Teri Murrison is a Tuolumne County Supervisor. For more, visit her blog.

In the first blog of this series, I told you about dots and how connecting them can reveal hidden pictures. You need to see the big picture the conservation movement is contending for, know what that means to the way you live, and understand why you should care. We’ve heard cries – especially from the Central Valley over water – for balance between the needs of man and nature. Attaining balance (as we perceive it) is not an option for conservationists working to save the earth. Many of you will find conservation’s definition of balance equally unacceptable.

Let me once more for the record reiterate that the goal must be developing positive relationships to move beyond conflict. No one and nothing is well-served by blood-sport. But respectful confrontation with valid arguments and a level playing field are the first order of business. I’m not a huge football fan, but here’s a metaphor that works. Game on!

Imagine a football team thinking it could win a game without the entire team showing up to play. That’s what we do. Conservationists are moving down the field to “save the earth” like Oakland Raiders playing a five-man high school team. Our team is just trying to reach balance. They’re in a no-holds-barred fight to the finish. They’ve got money, political and spin control, and they’ve got the home team advantage.

And us? Those that show up don’t wear uniforms and have no coaches, cheerleaders, or protective gear. We mostly play defense – and not very well. The rest of our team – mainstream America – isn’t even watching the game.

Care to guess how this one ends?

Last week, a few folks did show up. Congressmen Herger and McClintock and a dozen frustrated and angry county supervisors met with USFS Regional Forester Randy Moore in Sacramento on a wide variety of forest issues. As you read in my last post, Congressman McClintock was particularly unhappy. Conservationists, while not officially present, were not unrepresented.

We’d been invited by Congressman Herger to discuss forest timber harvest yield targets, fire and fuels management, litigation and planning, the federal budget, the Forest Plan process, and the pending revision of the Planning Rule.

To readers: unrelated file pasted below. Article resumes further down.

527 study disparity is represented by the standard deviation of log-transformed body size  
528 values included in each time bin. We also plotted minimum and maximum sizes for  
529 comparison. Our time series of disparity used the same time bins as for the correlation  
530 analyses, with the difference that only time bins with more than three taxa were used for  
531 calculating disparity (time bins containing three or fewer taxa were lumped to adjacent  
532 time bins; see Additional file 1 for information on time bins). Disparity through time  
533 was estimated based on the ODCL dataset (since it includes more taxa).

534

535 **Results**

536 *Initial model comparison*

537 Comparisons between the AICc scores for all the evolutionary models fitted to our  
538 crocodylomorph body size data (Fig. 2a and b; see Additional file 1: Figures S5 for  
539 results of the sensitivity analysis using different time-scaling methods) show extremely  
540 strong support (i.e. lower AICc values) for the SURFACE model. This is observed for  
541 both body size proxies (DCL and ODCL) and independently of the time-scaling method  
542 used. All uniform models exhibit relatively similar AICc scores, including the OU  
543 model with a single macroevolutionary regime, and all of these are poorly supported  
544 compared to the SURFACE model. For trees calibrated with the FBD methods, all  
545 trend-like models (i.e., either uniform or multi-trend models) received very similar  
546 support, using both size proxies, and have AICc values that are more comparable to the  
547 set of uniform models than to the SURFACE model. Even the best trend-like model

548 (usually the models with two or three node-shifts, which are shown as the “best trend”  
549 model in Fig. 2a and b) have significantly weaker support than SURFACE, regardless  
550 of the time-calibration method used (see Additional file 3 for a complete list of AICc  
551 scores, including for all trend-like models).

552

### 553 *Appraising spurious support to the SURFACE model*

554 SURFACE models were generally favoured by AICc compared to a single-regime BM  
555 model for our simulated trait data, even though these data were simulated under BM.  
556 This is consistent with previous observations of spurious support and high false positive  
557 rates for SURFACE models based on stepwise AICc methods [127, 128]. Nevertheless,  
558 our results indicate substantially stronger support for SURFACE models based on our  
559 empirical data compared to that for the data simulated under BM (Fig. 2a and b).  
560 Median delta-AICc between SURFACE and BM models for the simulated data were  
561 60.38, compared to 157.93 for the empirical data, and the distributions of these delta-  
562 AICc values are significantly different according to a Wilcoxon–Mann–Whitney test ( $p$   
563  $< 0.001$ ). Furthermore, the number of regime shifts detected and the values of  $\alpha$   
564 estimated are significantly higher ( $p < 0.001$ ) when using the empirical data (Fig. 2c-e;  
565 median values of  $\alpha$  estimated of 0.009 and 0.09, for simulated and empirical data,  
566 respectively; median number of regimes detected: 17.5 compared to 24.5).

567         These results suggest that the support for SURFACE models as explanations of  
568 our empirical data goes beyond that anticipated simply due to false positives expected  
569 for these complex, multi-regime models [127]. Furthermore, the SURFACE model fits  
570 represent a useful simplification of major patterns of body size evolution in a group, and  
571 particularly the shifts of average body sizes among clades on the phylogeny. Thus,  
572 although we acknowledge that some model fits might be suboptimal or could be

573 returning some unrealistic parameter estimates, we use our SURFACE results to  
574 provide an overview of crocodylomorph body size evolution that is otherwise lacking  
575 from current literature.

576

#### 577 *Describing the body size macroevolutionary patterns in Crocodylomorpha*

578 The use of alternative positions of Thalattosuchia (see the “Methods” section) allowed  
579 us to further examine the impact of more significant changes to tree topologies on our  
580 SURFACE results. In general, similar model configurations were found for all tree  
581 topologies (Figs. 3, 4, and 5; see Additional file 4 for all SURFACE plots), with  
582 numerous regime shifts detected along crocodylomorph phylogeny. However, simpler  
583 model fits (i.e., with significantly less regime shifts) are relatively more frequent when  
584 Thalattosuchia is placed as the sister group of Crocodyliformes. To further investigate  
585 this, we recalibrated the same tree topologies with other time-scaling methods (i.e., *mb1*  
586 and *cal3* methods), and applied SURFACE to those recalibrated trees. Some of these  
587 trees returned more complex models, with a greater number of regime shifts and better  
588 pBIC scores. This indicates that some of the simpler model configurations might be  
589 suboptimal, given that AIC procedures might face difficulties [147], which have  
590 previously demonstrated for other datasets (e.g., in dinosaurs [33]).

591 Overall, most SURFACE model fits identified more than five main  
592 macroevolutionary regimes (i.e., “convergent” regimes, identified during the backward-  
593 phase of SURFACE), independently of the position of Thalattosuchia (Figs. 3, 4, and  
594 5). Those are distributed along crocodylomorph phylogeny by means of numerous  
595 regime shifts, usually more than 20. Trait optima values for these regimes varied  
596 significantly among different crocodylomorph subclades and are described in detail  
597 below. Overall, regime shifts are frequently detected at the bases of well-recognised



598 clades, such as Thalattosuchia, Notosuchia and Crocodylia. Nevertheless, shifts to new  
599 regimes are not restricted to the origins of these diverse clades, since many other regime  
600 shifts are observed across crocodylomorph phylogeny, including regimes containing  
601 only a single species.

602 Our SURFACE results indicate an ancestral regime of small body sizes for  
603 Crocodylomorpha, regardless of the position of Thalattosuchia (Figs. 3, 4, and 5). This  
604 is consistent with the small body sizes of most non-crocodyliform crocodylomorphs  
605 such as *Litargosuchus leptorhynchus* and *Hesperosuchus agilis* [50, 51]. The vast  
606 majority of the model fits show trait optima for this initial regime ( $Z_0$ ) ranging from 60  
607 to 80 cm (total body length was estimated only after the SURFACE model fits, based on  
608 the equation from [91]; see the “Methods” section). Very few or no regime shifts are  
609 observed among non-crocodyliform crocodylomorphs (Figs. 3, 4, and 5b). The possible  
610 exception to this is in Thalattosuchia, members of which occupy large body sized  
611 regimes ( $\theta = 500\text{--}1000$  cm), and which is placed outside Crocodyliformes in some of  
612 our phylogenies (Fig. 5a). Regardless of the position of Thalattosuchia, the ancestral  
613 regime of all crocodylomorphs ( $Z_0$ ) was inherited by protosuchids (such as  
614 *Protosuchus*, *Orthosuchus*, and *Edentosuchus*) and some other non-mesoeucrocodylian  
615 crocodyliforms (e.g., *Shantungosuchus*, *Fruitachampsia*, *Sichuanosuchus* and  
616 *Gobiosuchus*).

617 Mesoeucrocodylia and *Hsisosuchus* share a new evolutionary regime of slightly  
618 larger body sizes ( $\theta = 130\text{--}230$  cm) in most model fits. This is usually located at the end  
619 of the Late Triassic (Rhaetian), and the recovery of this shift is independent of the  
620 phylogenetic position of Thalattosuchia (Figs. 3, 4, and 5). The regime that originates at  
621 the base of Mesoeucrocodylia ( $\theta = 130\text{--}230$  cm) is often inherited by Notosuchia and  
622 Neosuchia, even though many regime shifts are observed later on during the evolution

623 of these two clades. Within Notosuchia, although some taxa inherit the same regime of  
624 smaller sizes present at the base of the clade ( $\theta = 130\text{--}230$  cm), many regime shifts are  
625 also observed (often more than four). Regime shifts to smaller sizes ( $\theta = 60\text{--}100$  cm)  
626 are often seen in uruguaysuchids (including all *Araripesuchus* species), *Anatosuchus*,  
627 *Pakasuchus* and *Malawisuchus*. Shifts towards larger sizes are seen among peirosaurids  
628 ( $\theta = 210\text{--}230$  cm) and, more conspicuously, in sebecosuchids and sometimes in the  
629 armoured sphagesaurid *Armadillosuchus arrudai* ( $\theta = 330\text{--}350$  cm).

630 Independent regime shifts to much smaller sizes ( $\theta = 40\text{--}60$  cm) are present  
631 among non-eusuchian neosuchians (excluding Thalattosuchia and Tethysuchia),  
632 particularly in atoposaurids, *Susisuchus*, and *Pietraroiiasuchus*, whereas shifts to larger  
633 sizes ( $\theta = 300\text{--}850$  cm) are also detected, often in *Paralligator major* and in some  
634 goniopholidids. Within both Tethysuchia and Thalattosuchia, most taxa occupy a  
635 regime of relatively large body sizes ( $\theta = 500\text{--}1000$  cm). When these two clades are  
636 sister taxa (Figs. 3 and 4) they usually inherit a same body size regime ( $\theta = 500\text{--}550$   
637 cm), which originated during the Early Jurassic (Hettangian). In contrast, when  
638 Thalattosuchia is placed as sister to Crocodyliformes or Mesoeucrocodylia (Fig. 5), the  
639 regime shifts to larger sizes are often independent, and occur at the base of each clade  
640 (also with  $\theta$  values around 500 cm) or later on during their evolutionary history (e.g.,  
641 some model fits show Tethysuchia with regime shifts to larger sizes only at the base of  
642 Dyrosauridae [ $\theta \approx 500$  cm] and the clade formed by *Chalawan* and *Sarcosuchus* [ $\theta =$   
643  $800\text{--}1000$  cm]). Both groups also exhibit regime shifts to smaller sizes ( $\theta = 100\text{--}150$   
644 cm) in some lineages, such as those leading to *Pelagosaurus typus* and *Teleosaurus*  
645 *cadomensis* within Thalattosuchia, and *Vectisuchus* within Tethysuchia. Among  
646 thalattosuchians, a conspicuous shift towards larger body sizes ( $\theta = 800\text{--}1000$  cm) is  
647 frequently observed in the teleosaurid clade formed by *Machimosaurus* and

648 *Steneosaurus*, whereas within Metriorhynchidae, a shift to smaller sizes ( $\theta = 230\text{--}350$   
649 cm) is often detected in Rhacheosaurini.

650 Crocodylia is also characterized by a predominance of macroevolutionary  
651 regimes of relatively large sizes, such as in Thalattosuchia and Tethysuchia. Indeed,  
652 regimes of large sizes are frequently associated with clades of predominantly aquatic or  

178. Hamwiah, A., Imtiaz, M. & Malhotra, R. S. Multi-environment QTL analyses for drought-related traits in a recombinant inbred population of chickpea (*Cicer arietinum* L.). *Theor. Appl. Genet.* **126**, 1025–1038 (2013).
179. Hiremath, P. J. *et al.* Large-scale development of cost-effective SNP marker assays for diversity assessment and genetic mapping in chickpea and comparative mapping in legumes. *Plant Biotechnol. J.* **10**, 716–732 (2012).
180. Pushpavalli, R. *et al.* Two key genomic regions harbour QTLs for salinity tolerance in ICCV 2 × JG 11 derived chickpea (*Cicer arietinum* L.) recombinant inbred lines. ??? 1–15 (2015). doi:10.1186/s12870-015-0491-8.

Congressman McClintock and Congressman Herger expressed well what county supervisors and our constituents have been hearing and saying for the last few years.  While It helped to vent – Moore listened intently and politely – we need more than that. We need action and  sooner rather than never.

Moore knows we’re in trouble. We’re losing jobs and young families: communities are hurting. He gets it, but can’t or won’t help us. He’s got his own ball game to play. Moore knows we’re playing zero-sum games – we lose more than win. So does the Forest Service.

So while the congressmen and supervisors made a good case for economically depressed communities and asked for continued access and common-sense stewardship of our national forests, it didn’t get us anywhere. The radical conservation organizations –groups that generally litigate almost every plan and action proposed  – have ensured there’s no longer a market for good stewardship.

The science driving the conservation movement has dismissed good stewardship as inadequate now to address the magnitude of the earth’s crisis. They’re demanding more drastic changes to the use and enjoyment of public and private lands and resources. A variety of crises from global warming to drought  are used to justify and advance their goals. They’re well on their way to reestablishing a natural system that hasn’t existed for generations and that’s incompatible with life as we know it.

The goal line has shifted. Human interests are not a priority.

Why you should care Right about now, you may be asking, “What’s the big deal about conservationists saving the earth? The earth they’re saving is the rainforest or Montana or something, isn’t it?” Well, yes and no.

While conservationists think and work globally, they really think and work locally. Policies and regulations that impact public and private lands and resources may be enacted elsewhere, but they are generally applied here. Most of them, when applied, in some way negatively impact our communities.

Over the last thirty-plus years, we’ve seen new environmental laws enacted and experienced shifts in public values, particularly in urban areas where the majority of voters live. As a result, we’ve seen rural economies change as mills close, cattle and sheep producers quit ranching, and tourism is suggested to replace them.

We live where we live for a reason. In California’s Sierra Nevada Mountains, many of us are here because of the awesome beauty – the forests, lakes, and wildlife – and because we love the rural lifestyle and values. We’ve built families, businesses, and futures. But we need to make a living to stay here. And the land and forests do need management.

Conservation has a big picture and plan that seeks to reset our future way beyond what has already occurred.  Yet many of you still aren’t paying attention.

We’re in a critical phase in their plan to control America’s lands and resources. Local government is uniquely capable of defending communities’ socioeconomic interests (more about that later), but many of us are just watching from the bleachers, when we show at all.

So I hope you keep reading this series and seriously consider getting down on the field with us. You can’t win if you don’t play.

Come on. Get in the game!